06:28 GMT10 May 2021
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    Another whirlwind of yet uncorroborated Moscow meddling allegations has engulfed the US media, notwithstanding insiders’ accounts that a chewed-over routine intel briefing didn’t actually name Russia, or at the very least, was not solely about the country, but rather multiple foreign players.

    According to a senior FBI official, Russia's alleged influence campaign is incited by aspirations to "watch us tear ourselves apart", with the comments coming a little over a week after details of a classified briefing to lawmakers were leaked to the media. The intelligence community’s claims about purported Russian meddling in favour of President Trump, or, alternatively, Bernie Sanders, among others making the rounds.

    David Porter, assistant section chief of the FBI's Foreign Influence Task Force, told an election security conference in Washington that Russia is conducting a "brazen and disruptive" operation aimed at dividing opinions and undermining traditional sources of information, like the news media, to further use them to spread misleading reports.

    "Election interference is one of the vectors in this space. It's designed to degrade confidence at the very foundation of our democratic system and our leaders' ability to govern", Porter said, as cited by CNN, before explaining the accusations overzealously:

    "It's also designed to weaken the adversary from within by identifying existing political and social issues and driving wedges into those fractural lines and [amplifying] them through online manipulation and disinformation in an effort to create an environment of permanent cacophony, unrest, and conflict", the senior official rounded off.

    Although Porter did not separately touch upon any preference that Russia or other foreign countries may have for a 2020 candidate, he addressed the controversy over the classified intelligence briefing from earlier this month. 

    "To put it simply, in this space Russia wants to watch us tear ourselves apart while it seems China on the other hand would rather manage our gradual economic decline over the course of generations", Porter pointed out.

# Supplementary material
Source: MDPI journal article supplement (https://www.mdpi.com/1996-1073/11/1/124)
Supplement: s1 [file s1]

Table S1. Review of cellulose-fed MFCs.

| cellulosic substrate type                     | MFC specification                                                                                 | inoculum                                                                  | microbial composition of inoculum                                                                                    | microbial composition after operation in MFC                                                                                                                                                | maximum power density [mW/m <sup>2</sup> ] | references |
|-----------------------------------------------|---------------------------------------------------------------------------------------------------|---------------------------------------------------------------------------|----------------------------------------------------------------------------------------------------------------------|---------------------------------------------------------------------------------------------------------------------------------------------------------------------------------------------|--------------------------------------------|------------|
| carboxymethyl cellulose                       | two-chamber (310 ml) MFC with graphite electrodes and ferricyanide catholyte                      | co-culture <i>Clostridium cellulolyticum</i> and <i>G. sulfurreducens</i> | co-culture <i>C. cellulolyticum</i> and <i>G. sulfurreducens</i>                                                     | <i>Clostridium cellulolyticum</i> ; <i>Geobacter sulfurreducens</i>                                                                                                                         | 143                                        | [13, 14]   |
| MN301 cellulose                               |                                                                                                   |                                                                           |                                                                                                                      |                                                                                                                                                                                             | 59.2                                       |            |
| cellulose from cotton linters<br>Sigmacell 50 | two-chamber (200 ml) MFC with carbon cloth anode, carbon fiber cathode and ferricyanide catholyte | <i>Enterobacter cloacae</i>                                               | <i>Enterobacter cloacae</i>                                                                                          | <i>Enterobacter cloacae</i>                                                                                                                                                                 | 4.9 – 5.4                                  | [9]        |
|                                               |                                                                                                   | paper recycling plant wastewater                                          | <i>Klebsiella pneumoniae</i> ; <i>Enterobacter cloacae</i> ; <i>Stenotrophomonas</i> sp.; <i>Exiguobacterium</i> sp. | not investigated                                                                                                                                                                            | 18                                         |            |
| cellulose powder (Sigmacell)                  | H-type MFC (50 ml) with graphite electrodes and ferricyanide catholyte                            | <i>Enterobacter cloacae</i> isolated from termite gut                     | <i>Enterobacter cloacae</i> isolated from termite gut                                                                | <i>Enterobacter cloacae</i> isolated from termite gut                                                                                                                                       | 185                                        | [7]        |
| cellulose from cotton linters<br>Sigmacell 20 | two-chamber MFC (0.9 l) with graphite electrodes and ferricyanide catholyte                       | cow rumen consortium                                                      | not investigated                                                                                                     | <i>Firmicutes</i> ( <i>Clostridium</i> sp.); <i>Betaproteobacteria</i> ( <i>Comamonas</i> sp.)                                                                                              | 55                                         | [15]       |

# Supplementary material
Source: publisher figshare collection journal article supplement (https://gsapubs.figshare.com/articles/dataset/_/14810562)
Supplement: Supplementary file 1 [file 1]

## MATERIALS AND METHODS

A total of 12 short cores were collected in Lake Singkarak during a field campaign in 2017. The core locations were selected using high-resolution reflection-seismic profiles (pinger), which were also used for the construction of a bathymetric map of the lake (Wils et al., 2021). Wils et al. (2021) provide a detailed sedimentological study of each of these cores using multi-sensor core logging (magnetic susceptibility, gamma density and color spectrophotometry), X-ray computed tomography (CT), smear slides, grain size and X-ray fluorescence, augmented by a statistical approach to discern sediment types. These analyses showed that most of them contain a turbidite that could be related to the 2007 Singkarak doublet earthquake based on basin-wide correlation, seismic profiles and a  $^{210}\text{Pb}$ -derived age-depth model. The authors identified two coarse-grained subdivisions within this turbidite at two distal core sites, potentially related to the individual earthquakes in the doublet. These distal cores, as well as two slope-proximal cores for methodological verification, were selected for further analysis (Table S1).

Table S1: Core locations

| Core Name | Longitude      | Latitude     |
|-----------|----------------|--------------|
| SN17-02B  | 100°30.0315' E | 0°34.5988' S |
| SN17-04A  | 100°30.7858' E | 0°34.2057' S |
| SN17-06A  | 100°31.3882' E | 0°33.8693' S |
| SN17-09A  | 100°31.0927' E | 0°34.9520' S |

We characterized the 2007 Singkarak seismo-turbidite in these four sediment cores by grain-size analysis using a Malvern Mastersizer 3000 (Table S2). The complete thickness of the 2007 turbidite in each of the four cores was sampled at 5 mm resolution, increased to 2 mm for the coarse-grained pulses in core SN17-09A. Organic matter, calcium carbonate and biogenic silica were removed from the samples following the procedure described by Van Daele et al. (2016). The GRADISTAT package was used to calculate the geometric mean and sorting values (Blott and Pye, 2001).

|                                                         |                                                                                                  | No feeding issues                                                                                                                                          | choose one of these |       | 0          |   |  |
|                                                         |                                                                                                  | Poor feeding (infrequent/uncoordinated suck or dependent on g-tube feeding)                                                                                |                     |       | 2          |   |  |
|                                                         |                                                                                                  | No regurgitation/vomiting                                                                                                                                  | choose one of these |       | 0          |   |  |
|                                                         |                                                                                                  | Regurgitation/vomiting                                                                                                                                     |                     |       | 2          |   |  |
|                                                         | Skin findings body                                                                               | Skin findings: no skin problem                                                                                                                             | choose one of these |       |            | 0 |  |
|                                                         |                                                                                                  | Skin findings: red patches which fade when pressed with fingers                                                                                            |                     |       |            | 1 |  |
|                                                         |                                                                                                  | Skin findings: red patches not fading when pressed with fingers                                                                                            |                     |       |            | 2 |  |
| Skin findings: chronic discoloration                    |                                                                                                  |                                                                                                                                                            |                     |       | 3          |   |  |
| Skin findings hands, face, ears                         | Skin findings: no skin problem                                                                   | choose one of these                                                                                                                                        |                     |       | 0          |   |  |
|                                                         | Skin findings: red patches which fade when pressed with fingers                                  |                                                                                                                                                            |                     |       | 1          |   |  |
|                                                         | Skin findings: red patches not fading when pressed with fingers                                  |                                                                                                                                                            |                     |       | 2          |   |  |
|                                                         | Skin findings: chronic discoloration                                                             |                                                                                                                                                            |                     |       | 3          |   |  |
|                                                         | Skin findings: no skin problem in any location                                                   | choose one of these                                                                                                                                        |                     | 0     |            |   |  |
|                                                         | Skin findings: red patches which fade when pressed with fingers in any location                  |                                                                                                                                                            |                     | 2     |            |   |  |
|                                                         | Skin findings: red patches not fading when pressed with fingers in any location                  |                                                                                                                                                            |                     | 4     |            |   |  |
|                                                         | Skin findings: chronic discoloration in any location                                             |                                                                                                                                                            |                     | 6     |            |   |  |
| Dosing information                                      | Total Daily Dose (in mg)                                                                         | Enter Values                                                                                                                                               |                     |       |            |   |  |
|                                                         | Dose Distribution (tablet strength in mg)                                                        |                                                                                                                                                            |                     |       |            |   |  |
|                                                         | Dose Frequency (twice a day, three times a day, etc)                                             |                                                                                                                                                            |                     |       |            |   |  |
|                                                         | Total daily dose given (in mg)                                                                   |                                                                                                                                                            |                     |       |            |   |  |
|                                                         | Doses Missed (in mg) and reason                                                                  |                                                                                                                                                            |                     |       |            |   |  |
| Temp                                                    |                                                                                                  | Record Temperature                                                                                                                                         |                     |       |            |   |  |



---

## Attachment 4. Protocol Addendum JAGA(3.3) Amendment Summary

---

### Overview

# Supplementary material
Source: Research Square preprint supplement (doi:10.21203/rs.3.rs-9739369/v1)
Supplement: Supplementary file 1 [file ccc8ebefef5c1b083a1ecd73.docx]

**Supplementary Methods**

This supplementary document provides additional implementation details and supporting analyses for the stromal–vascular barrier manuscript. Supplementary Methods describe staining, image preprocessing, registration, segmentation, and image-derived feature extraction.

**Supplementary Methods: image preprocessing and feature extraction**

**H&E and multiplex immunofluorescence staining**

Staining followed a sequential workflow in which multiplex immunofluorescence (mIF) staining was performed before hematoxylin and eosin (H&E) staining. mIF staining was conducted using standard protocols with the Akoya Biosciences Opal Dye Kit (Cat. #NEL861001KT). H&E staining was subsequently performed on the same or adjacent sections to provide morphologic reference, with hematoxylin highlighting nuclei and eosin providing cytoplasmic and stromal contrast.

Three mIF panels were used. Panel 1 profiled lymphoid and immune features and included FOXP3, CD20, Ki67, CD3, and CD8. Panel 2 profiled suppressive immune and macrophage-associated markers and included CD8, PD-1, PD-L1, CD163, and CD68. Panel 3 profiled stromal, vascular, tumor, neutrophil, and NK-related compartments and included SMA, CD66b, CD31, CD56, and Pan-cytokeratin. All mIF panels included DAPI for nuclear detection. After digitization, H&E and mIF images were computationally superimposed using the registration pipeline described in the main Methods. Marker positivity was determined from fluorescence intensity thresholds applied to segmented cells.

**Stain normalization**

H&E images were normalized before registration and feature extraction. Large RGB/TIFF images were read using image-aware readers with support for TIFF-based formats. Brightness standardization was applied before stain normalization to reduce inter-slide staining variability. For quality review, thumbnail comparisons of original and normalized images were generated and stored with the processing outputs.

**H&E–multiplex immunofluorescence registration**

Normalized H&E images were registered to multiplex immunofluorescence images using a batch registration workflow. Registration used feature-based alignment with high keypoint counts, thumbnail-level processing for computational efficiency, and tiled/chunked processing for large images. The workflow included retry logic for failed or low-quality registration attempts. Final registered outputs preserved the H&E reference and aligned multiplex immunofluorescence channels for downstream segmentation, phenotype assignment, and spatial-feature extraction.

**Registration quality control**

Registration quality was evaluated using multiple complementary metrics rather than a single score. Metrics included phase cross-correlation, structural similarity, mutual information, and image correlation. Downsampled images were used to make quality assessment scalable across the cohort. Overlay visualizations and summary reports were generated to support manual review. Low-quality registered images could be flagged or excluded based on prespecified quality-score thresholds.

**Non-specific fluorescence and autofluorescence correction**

According to CNN, citing a source with knowledge of another briefing, a second one meant for House Intelligence Committee staffers didn’t see the issue of Russia's support for Trump raised at all. The staff briefing reportedly took place prior to the 13 February briefing with lawmakers.

    Addressing the latter, a senior intelligence official, also cited by CNN, busted reports (as confirmed by another CNN source) that Shelby Pierson, the top intel official dealing with election threats, told lawmakers during the classified briefing earlier this month that Russia's efforts were aimed at helping Trump get re-elected.

    "During the [Feb 13] briefing, the Intelligence Community did not state that Russia is aiding the re-election of President Trump", the senior official said, per the edition.

    The senior intelligence official also confirmed to CNN the briefing was not a spontaneous and ill-targeted move, but a pre-planned effort by multiple agencies that have briefed congressional committees multiple times before and that the admonition was not just with regard to Russia but a number of foreign actors.

    Separately, he said that there is a difference between Russia favouring Trump and Moscow actively working to support his re-election.

    Right now, the official said it is way too early to tell if Moscow has a candidate it favours.

    ”I don't know that any intelligence assessment points to any choice of who they want to be president", the official said. "I don't think to date there's an assessment that goes into that detail".

    Donald Trump referred to the claims, first reported by The Washington Post on Friday, as another instance of a Dems-instigated “hoax", in the wake of Special Counsel Robert Mueller’s probe finding no collusion between the Trump campaign and the Kremlin.

    Moscow has for its part repeatedly denied any involvement in US domestic politics, this time branding the fresh round of never-ceasing allegations as "paranoid reports” which it expects to see even more of in the run-up to the 2020 presidential elections.

    In the meantime, Bernie Sanders, who has also been claimed to be favoured by Moscow as a candidate, hit back saying:

    “I don’t care, frankly, who [Russian President Vladimir] Putin wants to be president", Sanders told The Washington Post in a statement. “My message to Putin is clear: Stay out of American elections, and as president I will make sure that you do".

    The alleged meddling debate comes as the US Democratic primaries are in full swing, with voters trying to pinpoint who will take on incumbent President Trump in November. Over 15 caucuses are scheduled for the coming week, culminating in so-called Super Tuesday, on 3 March, when 14 states go to the polls to choose their favoured Democratic candidate.


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    alleged collusion, Russia, Bernie Sanders, US, Primaries, elections, Donald Trump
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